Compensation sought for residential day-scholars
KAMLOOPS – The Tk’emlups te Secwepemc (or Kamloops Indian Band) and the Sechelt Indian Band are in the middle of a class-action lawsuit demanding compensation for B.C. residential school day-scholars. These were students who attended the schools in the morning but lived somewhere else.
The lawsuit was launched in 2012, and over the next month lawyers representing both First Nations will appear in court to ask for certification of the lawsuit.
The lawsuit argues that day-scholars suffered just as much as regular residential school students, including loss of language and culture as well as physical and mental abuse. Yet, they were not included as beneficiaries in the Indian Residential School Settlement Agreement implemented in 2007. It granted residential school survivors $10,000 for their first year at a school, and $3,000 for each subsequent year.
Tk’emlups Chief Shane Gottfriedson told the Daybreak Kamloops that now the bands are fighting to include day-scholars because it is a “human rights issue.” He added they’re also seeking compensation for their descendants and money for a healing fund, reports the CBC.
Heiltsuk Nation occupies DFO offices
BELLA BELLA – At 5:30 p.m. on Sunday, members of the Heiltsuk Nation announced they were occupying the offices of the Department of Fisheries and Oceans office near Bella Bella, B.C., to protest the government’s decision to open a herring-roe seine fishery on B.C.’s Central Coast.
Earlier in the year, the First Nation declared a ban on herring fisheries for a year to conserve dwindling populations of herring, but the DFO chose to ignore their call. The First Nation has responded by issuing the DFO with an eviction notice.
The Vancouver Sun reported that the First Nation had issued a press release, where Chief Councillor Marilyn Slett stated: “We will be here until DFO announces that Area 7 is closed to a gillnet fishery.”
The DFO has denied that herring populations are depleting, arguing there was enough stock to support a modest commercial harvest.
Kelly Brown, who directs the Heiltsuk’s resource management department, said that only about half of the 32,000 tons of herring predicted by the DFO have been detected.
Members of the band took up camp at the DFO’s lawn and refused to leave. Mounties and DFO officers remained at the scene of the protest, reported the Vancouver Sun.
Premier Christy Clark cancels new B.C. Treaty Commission head appointment
BRITISH COLUMBIA – Citing an incredibly low achievement record, B.C. Premier Christy Clark suggested the entire B.C. Treaty Commission might be shut down. She said this as she announced the cancellation of George Abbott’s appointment as the new head of the commission.
Abbott was offered the job last fall by Clark’s government, and was supported by both the federal government and the B.C. First Nations Summit, the other two official treaty-commission partners, reported The Province.
But Clark said that over the last 23 years the commission has been active, it hasn’t done much except cost the government millions of dollars in payouts to First Nations – about $627 million to about 50 First Nations in “negotiation support funding,” states The Province. Moreover, she cited the fact that in all that time, only four treaties have been finalized, signed and ratified.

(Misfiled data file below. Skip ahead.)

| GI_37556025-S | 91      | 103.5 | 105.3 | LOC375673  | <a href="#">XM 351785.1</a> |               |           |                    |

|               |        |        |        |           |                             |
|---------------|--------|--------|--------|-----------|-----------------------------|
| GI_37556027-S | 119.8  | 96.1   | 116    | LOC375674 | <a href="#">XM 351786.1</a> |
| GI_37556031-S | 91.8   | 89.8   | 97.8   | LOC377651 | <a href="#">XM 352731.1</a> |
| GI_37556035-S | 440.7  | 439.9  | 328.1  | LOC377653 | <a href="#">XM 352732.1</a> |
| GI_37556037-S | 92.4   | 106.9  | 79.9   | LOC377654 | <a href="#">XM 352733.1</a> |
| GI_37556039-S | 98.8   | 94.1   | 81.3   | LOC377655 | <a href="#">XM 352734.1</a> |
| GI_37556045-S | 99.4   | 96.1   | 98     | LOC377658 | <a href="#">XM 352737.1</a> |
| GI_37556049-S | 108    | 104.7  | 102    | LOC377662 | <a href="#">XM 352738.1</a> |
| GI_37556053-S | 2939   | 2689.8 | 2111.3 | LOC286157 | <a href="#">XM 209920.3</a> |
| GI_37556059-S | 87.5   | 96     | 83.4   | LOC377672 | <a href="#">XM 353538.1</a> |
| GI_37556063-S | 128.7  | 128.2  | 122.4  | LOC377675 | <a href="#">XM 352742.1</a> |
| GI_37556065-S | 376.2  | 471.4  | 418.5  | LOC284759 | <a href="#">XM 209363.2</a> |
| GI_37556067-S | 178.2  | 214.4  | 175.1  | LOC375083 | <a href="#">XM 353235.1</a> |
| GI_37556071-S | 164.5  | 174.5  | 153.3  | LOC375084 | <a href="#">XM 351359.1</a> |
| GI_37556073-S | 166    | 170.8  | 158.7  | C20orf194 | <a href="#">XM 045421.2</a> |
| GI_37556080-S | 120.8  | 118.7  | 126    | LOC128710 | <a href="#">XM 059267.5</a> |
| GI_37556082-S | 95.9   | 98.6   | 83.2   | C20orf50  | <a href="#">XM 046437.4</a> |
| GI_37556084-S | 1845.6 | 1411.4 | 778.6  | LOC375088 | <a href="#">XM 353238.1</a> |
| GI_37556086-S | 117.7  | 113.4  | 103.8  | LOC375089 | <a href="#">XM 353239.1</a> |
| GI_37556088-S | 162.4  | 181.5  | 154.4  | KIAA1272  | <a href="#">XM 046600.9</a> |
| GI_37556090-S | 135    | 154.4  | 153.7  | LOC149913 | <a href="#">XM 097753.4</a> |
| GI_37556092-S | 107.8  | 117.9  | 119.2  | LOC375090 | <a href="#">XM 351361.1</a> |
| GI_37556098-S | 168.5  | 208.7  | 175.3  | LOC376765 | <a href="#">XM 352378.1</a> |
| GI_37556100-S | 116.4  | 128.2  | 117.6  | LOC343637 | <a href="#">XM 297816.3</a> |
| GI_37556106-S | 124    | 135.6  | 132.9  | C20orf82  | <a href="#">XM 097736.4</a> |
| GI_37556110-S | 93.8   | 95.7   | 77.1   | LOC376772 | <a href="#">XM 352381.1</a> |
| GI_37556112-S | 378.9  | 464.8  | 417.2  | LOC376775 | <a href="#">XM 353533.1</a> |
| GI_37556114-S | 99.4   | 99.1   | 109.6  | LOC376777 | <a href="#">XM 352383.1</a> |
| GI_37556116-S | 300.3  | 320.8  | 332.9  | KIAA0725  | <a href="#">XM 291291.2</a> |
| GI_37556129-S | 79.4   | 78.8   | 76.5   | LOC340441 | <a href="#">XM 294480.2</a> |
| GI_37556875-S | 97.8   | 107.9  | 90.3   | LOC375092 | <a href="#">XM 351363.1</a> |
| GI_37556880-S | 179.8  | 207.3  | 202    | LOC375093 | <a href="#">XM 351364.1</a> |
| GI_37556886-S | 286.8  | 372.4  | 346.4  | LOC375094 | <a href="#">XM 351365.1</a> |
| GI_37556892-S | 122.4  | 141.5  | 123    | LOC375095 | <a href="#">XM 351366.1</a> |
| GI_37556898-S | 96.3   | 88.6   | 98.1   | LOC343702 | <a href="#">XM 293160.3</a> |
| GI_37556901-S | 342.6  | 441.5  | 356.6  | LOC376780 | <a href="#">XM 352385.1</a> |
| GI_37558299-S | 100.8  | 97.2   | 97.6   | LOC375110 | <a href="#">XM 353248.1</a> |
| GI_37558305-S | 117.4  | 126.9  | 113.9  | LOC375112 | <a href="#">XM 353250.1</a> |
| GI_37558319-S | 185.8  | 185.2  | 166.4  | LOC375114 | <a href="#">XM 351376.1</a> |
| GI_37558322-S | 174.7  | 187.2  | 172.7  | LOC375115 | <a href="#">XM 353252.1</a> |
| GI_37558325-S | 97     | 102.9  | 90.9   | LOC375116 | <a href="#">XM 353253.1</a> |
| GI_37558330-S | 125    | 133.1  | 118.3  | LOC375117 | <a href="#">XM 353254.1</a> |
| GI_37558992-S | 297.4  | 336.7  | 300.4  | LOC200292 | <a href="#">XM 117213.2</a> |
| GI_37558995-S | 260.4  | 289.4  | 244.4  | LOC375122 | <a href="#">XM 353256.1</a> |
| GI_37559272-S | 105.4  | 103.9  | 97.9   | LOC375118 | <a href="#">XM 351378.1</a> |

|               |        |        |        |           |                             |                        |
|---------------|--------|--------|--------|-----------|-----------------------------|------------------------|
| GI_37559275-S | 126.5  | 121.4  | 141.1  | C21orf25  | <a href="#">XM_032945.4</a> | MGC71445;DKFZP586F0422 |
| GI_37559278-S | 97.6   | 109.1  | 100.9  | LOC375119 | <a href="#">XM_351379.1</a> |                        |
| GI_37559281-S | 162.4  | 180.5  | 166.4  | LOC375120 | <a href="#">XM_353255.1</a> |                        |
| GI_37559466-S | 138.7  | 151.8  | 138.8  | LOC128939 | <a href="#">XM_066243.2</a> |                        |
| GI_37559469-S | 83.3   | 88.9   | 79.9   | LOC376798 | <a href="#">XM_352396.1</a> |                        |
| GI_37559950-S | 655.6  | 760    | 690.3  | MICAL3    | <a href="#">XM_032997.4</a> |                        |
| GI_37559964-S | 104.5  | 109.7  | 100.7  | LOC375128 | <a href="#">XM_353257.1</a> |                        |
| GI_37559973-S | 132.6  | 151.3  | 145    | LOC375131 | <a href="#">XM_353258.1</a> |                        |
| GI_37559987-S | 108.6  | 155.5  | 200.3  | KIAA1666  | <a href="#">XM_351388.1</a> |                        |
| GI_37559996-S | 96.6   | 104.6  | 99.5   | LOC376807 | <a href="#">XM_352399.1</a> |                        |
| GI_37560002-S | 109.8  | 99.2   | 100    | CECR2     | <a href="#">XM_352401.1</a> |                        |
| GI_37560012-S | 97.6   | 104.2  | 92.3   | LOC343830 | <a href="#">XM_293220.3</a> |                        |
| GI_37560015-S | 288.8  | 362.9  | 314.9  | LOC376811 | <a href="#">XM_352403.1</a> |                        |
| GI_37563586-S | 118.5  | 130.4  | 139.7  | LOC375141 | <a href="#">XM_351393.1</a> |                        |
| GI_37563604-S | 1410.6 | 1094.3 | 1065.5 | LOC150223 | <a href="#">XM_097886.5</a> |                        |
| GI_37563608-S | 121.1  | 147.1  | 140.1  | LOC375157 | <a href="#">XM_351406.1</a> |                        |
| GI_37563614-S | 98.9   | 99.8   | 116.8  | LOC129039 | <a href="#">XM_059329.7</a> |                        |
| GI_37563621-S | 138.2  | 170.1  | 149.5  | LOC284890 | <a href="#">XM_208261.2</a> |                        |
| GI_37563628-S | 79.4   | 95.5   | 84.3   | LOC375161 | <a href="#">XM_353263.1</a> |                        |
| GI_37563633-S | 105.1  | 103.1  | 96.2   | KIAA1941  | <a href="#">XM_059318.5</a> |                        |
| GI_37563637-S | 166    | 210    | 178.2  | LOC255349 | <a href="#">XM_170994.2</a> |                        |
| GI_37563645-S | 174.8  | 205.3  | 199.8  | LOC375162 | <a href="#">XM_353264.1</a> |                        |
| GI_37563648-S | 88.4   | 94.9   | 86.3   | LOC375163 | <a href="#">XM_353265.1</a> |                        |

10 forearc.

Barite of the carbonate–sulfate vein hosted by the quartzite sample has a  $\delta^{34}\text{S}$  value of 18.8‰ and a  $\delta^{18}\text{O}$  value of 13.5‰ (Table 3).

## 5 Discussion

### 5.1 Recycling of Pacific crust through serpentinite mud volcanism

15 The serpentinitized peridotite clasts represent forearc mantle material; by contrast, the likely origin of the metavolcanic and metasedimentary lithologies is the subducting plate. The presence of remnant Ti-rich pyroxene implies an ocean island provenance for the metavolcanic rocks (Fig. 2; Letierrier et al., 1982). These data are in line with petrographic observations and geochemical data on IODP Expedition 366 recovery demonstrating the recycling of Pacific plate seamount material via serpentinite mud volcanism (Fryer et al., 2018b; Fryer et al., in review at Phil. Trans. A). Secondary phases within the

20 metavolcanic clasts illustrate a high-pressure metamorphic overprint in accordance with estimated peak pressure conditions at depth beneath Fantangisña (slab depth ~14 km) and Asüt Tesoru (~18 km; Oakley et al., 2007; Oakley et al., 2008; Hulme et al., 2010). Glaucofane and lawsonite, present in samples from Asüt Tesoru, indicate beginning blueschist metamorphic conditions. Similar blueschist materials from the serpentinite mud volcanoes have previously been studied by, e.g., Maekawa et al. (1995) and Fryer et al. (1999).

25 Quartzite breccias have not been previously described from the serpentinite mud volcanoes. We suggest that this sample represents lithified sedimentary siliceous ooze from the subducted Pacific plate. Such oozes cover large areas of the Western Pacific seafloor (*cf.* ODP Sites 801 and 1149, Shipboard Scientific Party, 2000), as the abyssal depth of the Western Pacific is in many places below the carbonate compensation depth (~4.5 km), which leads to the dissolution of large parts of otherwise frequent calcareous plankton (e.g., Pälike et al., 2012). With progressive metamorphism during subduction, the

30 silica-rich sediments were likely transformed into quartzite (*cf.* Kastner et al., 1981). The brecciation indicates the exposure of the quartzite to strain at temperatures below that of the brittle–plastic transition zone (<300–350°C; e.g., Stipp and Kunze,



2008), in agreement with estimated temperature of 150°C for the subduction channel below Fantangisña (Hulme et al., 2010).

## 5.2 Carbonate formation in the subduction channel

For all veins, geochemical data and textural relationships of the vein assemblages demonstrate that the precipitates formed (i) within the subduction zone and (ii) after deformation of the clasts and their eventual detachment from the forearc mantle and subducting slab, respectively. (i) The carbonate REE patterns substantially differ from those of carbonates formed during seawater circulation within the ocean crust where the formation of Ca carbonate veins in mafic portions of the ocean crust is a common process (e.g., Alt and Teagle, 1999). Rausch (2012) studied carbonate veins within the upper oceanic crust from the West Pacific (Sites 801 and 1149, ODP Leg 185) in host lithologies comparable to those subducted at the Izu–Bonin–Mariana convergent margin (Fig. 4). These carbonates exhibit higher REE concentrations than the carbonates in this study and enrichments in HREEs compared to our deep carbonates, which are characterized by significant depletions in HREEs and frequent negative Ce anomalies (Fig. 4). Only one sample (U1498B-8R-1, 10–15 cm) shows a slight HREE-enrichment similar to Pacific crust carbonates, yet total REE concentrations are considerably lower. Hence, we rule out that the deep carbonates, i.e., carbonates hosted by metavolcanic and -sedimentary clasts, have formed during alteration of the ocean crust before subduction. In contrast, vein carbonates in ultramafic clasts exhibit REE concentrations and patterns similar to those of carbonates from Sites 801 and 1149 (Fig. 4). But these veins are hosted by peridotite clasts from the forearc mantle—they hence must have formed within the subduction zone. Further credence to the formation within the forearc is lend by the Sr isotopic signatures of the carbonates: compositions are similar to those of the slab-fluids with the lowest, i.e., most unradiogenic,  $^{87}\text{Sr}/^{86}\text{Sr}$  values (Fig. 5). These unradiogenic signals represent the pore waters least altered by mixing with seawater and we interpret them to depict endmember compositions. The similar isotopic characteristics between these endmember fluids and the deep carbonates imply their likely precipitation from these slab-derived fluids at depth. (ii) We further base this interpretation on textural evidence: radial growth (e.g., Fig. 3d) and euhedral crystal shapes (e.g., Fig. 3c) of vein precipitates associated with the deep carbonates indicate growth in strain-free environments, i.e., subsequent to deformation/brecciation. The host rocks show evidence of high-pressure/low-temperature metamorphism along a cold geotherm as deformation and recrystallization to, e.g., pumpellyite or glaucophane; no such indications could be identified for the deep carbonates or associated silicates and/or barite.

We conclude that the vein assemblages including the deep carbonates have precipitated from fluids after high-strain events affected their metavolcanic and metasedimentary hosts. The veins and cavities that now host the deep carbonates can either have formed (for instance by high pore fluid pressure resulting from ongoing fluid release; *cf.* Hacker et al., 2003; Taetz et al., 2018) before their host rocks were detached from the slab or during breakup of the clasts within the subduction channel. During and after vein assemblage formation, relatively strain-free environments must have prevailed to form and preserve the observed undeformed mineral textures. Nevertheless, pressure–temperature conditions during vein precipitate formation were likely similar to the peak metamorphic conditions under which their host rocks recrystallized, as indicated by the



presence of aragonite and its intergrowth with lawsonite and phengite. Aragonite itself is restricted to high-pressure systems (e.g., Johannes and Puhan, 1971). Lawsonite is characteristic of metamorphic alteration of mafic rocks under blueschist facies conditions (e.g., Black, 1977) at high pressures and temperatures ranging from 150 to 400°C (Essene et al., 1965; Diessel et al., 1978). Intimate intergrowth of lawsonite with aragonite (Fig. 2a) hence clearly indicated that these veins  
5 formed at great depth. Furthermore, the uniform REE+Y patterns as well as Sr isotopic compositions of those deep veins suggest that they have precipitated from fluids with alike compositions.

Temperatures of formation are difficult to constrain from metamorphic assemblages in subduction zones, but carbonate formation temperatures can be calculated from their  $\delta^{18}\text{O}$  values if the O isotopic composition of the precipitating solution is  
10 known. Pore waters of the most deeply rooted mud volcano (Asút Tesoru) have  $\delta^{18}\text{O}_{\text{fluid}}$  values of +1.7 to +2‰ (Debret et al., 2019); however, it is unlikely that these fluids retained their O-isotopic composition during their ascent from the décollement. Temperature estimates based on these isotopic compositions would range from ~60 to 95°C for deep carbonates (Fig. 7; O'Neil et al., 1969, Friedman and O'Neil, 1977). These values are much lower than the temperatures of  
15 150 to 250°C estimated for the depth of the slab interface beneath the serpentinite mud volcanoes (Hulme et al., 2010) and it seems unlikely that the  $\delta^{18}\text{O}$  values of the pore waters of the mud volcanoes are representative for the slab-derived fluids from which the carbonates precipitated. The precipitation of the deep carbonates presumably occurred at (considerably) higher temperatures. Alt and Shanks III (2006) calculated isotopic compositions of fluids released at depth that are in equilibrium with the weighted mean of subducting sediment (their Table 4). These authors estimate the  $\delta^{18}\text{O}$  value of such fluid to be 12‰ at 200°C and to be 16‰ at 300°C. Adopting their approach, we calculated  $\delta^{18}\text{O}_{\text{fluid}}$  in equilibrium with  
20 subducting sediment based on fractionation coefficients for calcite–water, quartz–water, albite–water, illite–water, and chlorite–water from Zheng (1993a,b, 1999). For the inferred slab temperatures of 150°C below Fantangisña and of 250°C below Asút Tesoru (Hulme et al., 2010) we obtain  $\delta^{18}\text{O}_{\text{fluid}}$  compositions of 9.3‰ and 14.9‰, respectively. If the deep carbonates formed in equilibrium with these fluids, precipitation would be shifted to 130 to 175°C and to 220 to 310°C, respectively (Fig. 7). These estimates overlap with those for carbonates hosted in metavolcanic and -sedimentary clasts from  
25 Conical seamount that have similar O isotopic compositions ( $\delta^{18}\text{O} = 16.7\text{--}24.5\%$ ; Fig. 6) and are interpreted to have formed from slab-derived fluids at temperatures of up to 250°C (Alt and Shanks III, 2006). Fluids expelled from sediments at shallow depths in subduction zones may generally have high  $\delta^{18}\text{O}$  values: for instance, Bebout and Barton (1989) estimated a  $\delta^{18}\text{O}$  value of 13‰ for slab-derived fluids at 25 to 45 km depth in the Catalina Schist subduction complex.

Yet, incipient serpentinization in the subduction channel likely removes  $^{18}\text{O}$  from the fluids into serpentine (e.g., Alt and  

The commission was created to mediate modern-day treaty negotiations between B.C. First Nations and the federal government, since most of the province is unceded native land.
PMO wants to undermine Gladue principles
OTTAWA – APTN News has learned that the Prime Minister’s Office tried rewording portions of the Criminal Code in order to “diminish” the effects of Gladue Reports for indigenous offenders. This happened during the height of Idle No More, in 2013, while the PMO worked on the Victims Bill of Rights Act, Bill C-32.
The PMO first directed then Justice Minister Rob Nicholson to work on the wording in 2012. It was introduced to Parliament in April 2014 by current Justice Minister Peter MacKay.
The bill would reword section 718.2 (e) of the Criminal Code by adding a clause to consider “the harm done to victims or to the community.” Originally, this section of the Criminal Code was meant to ask courts to consider all alternatives to imprisonment “with particular attention to the circumstances of Aboriginal people.”
Critics of the bill have testified before a parliamentary committee on the bill, saying the new wording will undermine Gladue principles in sentencing.
University of Winnipeg introduces mandatory indigenous studies course
WINNIPEG – The University of Winnipeg senate has approved a motion put forward by the student union that called for a mandatory indigenous studies course.
This means that all students at the university will have to take at least one course that looks at many of the various facets of indigenous culture and tradition in order to graduate.
The idea is to create a more understanding society within the school and across Canada by fostering conversations about colonialism and racism.
The motion was announced in February by both the U of W Student Union and the U of W Aboriginal Students’ Council.
The program is being introduced a few months after Maclean’s rated Winnipeg the most racist place in Canada.
Thunder Bay’s Lakehead University will introduce a similar mandatory indigenous studies course tailored to student’s main subject of expertise in 2016.